What Colleges and Universities (and the Public) Can Learn From the Stanford Rape Case

Back in May-several weeks before the Stanford case became national news-local media covered a terrifying story of a student at Boston University who was sleeping in her dorm room, when she awoke to a stranger sexually assaulting her. When the woman demanded the stranger to stop, he allegedly refused, saying, "baby, you want some more." Investigation, which included surveillance camera footage, revealed that the unwelcome intruder was a blonde-haired, blue-eyed MIT student and basketball player named Samson Donick. Not surprisingly, Donick's attorney says he's "looking forward to the true facts coming out in this case," and that his criminal record-free client has a "wonderful character." In the meantime, Donick has been banned from Massachusetts-except for court appearances and the like-and most likely hightailed it out of here once his father posted his $10,000 bail.

Fast forward about a month later to the Stanford case: another blonde-haired, blue-eyed, top national university student athlete, who attempted to have sex with a woman who was unconscious and got caught in the act. This one also had soap-opera-like name, Brock Turner, a previously spotless criminal record, and a father who supports him unconditionally. One can only hope that if the Bay State proves its burden against Donick, he will receive a harsher punishment than 6 months in jail and a loss of appetite.

The similarities between Donick and Turner are striking, as will be the public outcry if Donick is convicted and receives a similarly light sentence. Comments written about Stanford in response to the media coverage of the Brock Turner rape trial also bring to light the many misconceptions that the public has about the role colleges and universities play in responding to allegations of sexual misconduct by and against its students.

One common misconception is that Stanford could have done a better job in its response to the complaint. Under Title IX, colleges are required to conduct adequate, reliable, and impartial investigation of complaints, including the opportunity for both the complainant and alleged perpetrator to present witnesses and evidence. It appears that Stanford did this by conducting an investigation within two weeks of receiving the allegations, and banning Turner from stepping foot on its campus as a student or otherwise.

However, because Stanford cannot reveal much more about its investigation than that, it leads to another misconception that the university is hiding something untoward. In reality, the Family Educational Rights and Privacy Act (FERPA) prohibits a postsecondary institution from disclosing anything other than the final results of a disciplinary proceeding to a person other than the alleged victim. Such disclosure can only be made if the institution determines that the accused student is an alleged perpetrator of a crime of violence or a non-forcible sex offense, and that the accused student has committed a violation of the institution's rules or policies. Moreover, the disclosure of final results may include only the name of the student perpetrator, the violation committed, and any sanction imposed by the institution against the student. Many colleges would welcome the chance to prove their good faith and appropriate actions in responding to allegations of sexual assault, but FERPA simply does not allow it.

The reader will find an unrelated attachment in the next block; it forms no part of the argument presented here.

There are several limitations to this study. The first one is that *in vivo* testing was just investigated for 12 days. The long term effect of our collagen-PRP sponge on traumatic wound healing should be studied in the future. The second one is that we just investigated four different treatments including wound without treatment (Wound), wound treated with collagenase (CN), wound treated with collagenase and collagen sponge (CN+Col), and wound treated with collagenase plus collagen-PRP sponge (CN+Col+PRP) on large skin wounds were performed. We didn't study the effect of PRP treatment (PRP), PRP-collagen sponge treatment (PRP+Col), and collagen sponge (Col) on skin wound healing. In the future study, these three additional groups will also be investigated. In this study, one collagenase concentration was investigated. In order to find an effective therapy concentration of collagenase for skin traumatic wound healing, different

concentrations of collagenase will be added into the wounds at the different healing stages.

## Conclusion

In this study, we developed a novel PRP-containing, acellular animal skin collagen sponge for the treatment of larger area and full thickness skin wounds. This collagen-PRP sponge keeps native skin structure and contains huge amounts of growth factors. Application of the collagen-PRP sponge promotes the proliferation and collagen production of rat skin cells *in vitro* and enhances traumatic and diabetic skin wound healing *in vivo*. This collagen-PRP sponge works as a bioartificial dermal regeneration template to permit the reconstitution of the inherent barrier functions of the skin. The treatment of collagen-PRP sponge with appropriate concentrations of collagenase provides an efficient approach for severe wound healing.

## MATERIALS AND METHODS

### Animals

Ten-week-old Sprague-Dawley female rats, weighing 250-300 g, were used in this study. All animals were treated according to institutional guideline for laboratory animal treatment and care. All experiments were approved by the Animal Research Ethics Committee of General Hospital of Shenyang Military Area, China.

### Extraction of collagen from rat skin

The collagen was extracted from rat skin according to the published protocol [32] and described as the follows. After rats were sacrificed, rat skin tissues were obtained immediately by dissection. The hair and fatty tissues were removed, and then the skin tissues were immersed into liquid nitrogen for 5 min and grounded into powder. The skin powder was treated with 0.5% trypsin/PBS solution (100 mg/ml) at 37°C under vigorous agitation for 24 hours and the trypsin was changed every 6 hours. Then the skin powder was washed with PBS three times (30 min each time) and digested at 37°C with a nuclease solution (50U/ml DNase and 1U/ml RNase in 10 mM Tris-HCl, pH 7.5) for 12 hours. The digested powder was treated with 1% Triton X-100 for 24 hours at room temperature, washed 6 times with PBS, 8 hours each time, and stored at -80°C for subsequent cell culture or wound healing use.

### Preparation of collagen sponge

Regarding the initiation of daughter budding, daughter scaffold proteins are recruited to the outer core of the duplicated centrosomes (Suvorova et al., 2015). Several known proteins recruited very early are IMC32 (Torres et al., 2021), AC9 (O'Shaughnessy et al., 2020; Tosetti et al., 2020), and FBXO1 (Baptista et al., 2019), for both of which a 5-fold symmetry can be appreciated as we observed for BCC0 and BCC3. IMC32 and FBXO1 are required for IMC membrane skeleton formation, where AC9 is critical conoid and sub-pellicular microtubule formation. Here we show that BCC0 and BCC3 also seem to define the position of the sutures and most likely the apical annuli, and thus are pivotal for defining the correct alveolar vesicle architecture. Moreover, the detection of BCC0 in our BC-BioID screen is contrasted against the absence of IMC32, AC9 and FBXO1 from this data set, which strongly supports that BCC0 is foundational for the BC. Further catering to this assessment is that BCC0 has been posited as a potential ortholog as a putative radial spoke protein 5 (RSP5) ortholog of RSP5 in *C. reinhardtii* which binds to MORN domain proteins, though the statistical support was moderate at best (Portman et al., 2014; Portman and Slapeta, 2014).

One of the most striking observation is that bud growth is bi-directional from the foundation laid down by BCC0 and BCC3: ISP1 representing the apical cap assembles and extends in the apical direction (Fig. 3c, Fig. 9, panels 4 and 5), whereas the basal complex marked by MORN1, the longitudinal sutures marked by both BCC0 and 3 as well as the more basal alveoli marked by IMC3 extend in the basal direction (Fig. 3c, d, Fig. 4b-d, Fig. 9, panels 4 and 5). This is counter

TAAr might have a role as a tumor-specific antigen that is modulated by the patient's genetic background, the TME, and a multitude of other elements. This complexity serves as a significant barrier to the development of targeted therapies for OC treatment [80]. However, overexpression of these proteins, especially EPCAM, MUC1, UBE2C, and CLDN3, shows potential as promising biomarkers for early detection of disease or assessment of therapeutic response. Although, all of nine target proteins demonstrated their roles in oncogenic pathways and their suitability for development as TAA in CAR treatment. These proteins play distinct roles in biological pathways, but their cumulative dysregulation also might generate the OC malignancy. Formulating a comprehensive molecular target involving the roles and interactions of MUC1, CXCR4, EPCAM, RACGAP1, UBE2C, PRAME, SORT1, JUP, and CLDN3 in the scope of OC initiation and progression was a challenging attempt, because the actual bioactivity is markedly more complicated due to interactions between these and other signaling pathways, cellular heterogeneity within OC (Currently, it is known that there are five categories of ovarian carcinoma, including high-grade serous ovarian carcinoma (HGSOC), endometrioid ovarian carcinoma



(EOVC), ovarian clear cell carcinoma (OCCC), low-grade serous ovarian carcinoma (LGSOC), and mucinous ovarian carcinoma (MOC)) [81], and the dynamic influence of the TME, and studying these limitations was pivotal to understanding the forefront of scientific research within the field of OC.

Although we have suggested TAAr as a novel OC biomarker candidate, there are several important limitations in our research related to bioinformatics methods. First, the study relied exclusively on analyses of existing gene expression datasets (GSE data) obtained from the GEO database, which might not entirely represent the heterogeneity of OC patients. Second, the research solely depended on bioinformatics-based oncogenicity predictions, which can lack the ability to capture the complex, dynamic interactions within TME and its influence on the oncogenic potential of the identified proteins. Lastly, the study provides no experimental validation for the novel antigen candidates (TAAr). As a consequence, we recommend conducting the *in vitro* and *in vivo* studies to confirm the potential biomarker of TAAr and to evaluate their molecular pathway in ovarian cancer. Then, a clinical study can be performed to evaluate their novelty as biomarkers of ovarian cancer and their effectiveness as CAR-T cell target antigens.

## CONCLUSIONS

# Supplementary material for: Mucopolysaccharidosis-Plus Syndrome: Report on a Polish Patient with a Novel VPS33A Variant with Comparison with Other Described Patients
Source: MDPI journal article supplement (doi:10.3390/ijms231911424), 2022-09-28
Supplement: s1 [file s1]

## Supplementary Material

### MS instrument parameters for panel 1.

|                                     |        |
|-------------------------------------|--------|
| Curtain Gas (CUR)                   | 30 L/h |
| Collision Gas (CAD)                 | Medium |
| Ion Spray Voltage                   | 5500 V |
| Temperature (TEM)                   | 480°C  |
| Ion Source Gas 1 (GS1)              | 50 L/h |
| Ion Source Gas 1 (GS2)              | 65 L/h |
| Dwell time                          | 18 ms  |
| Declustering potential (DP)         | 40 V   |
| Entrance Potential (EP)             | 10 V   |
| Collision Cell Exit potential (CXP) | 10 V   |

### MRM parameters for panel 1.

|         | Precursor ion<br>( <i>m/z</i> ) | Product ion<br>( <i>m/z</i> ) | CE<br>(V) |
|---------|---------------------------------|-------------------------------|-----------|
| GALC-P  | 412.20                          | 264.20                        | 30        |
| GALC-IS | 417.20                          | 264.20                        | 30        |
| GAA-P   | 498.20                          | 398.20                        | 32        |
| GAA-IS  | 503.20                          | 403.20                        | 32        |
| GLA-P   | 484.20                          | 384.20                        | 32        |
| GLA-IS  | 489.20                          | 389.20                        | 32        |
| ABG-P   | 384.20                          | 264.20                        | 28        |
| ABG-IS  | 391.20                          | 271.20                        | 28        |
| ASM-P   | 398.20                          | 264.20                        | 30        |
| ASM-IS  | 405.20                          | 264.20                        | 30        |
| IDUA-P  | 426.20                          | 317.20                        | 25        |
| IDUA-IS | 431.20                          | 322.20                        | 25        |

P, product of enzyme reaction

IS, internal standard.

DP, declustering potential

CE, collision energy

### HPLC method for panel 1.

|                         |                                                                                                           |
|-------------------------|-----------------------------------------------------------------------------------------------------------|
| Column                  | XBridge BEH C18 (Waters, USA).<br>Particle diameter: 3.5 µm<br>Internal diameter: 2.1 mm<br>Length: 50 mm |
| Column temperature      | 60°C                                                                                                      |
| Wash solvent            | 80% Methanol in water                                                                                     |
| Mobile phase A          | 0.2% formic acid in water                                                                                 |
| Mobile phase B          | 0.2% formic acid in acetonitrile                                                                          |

Other misconceptions include that Stanford's obligations would somehow have been different had the incident occurred off campus or if the victim was also a student. The Office of Civil Rights (OCR) has clarified that colleges have an obligation to investigate alleged off-campus sexual violence "that occurs in the context of an education program or activity of the school," and activities at fraternity houses (and reasonable extension, their surrounding areas) are "clearly covered." In this regard, OCR has also explicitly stated that "Title IX protects third parties from sexual harassment or violence in a school's education programs and activities." Although the victim was not a student, Stanford reached out confidentially to offer her support and to tell her the steps it was taking. This is something all colleges should do when they learn the identity of third-party victims in Title IX cases.

Client Tip: The Stanford rape case serves to remind institutions of their legal obligations under Title IX and FERPA, and helps to clarify some of the common misconceptions about what these obligations are. Colleges and universities must be prepared to respond to cases involving sexual assault, regardless of whether victim is a student or where the incident occurred, and protect private records even in the face of intense public scrutiny.